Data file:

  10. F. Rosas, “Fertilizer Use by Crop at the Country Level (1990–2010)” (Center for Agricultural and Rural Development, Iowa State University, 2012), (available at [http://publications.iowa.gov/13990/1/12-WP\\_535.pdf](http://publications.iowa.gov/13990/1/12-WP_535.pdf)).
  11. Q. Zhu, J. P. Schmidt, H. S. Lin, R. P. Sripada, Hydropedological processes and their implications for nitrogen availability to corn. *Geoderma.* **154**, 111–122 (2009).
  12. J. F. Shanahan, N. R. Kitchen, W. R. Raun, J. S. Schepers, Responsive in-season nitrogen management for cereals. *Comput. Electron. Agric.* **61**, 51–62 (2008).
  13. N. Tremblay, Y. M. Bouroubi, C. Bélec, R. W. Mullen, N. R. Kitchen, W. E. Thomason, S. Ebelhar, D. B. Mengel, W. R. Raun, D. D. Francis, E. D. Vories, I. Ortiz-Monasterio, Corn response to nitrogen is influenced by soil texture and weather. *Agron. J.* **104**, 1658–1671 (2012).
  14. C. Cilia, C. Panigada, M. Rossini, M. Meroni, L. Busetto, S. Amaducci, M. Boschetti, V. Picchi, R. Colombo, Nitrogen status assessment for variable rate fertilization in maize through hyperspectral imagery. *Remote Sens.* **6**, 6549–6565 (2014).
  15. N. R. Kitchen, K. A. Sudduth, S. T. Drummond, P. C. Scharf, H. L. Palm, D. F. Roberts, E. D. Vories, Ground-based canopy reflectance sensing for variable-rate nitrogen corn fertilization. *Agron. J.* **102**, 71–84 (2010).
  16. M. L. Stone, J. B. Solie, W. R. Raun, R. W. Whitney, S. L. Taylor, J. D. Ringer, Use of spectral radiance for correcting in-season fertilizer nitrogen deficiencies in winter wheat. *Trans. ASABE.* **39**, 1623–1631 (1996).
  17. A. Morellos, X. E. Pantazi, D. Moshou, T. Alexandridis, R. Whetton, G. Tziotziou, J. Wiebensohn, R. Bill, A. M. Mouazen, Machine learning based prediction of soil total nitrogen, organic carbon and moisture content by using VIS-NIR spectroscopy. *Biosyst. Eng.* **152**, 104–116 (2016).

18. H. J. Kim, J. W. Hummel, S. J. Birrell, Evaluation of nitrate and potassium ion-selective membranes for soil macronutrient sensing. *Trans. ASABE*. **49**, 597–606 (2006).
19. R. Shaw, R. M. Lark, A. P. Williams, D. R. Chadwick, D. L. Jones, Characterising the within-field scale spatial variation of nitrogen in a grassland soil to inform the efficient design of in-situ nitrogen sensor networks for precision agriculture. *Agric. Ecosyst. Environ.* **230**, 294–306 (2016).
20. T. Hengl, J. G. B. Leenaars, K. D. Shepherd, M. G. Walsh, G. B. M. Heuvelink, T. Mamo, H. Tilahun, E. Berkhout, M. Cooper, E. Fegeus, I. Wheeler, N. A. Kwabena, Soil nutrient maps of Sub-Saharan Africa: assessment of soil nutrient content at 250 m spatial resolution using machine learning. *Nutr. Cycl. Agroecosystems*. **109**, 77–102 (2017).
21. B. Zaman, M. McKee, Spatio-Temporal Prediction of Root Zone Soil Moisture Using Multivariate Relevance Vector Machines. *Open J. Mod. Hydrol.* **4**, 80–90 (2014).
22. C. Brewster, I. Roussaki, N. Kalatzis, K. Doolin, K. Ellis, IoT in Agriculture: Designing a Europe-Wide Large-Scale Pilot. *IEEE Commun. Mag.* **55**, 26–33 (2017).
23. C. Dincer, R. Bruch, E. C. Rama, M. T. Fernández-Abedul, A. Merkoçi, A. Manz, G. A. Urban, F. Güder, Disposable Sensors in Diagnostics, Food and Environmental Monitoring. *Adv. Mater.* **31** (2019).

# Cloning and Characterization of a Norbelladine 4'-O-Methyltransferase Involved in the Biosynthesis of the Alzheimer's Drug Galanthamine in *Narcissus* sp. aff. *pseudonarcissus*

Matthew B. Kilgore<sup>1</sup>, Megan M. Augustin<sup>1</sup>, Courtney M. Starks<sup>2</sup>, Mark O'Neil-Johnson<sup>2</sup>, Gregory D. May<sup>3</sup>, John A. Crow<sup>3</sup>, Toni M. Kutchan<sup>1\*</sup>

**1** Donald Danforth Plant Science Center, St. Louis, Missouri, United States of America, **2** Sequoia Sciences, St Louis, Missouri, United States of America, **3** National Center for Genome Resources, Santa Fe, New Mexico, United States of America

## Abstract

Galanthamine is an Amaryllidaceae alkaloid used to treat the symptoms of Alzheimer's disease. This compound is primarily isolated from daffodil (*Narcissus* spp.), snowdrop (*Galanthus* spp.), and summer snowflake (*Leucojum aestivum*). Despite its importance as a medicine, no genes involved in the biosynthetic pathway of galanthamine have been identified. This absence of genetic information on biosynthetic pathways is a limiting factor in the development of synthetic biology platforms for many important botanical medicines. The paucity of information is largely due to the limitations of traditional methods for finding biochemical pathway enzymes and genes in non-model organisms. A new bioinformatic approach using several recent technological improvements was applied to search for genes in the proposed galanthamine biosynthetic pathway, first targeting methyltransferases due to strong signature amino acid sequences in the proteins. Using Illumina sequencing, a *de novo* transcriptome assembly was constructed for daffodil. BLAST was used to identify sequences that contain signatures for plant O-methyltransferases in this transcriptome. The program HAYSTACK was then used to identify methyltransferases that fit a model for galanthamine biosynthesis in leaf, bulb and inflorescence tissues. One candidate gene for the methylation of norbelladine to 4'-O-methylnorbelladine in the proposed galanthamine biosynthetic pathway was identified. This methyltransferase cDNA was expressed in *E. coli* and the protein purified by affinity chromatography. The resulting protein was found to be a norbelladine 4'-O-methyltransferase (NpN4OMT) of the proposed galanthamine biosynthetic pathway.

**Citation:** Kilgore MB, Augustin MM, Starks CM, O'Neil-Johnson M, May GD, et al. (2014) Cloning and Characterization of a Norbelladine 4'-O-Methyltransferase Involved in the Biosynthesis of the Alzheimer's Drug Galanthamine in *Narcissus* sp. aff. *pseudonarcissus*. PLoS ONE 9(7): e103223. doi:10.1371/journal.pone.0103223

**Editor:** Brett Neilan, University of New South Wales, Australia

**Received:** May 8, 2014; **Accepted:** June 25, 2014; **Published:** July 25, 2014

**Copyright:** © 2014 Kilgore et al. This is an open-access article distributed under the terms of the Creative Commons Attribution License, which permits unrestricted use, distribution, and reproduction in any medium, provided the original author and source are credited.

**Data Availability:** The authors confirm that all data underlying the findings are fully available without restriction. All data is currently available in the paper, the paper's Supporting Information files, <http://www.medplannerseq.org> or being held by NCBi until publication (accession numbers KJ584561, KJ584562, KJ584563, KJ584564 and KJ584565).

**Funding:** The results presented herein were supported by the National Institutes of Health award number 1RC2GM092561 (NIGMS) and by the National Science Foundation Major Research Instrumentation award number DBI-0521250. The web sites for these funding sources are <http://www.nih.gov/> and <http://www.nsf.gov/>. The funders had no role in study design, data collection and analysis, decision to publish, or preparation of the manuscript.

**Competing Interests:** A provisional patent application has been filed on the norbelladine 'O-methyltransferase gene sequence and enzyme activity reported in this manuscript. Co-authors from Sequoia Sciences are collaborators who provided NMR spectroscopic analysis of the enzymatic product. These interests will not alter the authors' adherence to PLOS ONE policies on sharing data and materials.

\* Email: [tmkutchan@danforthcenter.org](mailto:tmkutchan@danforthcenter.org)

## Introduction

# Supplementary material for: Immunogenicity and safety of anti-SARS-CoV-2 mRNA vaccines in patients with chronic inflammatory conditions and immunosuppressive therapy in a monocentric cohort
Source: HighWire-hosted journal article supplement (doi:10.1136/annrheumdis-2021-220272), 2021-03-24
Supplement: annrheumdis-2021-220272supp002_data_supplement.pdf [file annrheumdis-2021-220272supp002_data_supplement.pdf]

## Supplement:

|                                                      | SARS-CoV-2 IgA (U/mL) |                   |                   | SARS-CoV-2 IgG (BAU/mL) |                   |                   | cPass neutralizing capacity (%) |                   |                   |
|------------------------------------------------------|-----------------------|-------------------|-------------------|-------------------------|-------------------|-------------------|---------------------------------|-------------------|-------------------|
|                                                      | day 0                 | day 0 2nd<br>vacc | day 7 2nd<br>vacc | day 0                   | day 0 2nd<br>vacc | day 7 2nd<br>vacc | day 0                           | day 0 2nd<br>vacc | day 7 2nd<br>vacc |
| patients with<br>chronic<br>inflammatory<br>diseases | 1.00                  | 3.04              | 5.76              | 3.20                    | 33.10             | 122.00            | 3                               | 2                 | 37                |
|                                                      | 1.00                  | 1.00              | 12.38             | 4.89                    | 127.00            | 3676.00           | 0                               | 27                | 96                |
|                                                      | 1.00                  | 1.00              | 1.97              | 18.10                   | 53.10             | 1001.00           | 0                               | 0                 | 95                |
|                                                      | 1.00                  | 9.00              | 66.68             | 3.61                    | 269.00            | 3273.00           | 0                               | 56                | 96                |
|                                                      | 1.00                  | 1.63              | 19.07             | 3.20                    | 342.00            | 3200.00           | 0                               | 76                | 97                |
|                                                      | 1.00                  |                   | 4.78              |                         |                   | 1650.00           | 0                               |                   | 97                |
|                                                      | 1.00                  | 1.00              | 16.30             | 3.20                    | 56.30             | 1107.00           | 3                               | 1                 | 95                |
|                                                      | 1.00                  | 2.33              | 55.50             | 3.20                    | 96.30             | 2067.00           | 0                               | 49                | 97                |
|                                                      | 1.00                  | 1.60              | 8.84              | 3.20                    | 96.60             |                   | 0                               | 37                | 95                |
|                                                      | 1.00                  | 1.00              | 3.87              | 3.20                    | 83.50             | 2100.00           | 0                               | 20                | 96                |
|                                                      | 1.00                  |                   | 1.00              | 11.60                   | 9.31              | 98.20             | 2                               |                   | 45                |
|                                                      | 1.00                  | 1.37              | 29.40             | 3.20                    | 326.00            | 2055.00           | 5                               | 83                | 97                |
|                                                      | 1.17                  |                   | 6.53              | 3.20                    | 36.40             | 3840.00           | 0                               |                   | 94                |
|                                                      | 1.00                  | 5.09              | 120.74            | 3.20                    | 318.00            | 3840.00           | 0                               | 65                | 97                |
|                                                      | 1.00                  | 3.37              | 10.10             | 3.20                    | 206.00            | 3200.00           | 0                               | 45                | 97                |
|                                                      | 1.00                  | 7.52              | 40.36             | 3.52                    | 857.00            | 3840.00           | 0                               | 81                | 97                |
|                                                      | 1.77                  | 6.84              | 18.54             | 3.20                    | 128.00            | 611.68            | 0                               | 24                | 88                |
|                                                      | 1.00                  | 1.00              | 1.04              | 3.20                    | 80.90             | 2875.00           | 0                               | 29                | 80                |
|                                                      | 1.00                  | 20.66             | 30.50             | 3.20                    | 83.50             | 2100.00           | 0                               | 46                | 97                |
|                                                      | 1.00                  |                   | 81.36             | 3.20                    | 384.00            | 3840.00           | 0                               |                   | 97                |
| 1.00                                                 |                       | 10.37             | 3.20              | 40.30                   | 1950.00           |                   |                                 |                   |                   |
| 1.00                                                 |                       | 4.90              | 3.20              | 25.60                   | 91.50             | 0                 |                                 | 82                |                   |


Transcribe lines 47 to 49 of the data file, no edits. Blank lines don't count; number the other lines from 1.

|                                                      | 1.00                  | 1.37              | 29.40             | 3.20                    | 326.00            | 2055.00           | 5                               | 83                | 97                |
|                                                      | 1.17                  |                   | 6.53              | 3.20                    | 36.40             | 3840.00           | 0                               |                   | 94                |
|                                                      | 1.00                  | 5.09              | 120.74            | 3.20                    | 318.00            | 3840.00           | 0                               | 65                | 97                |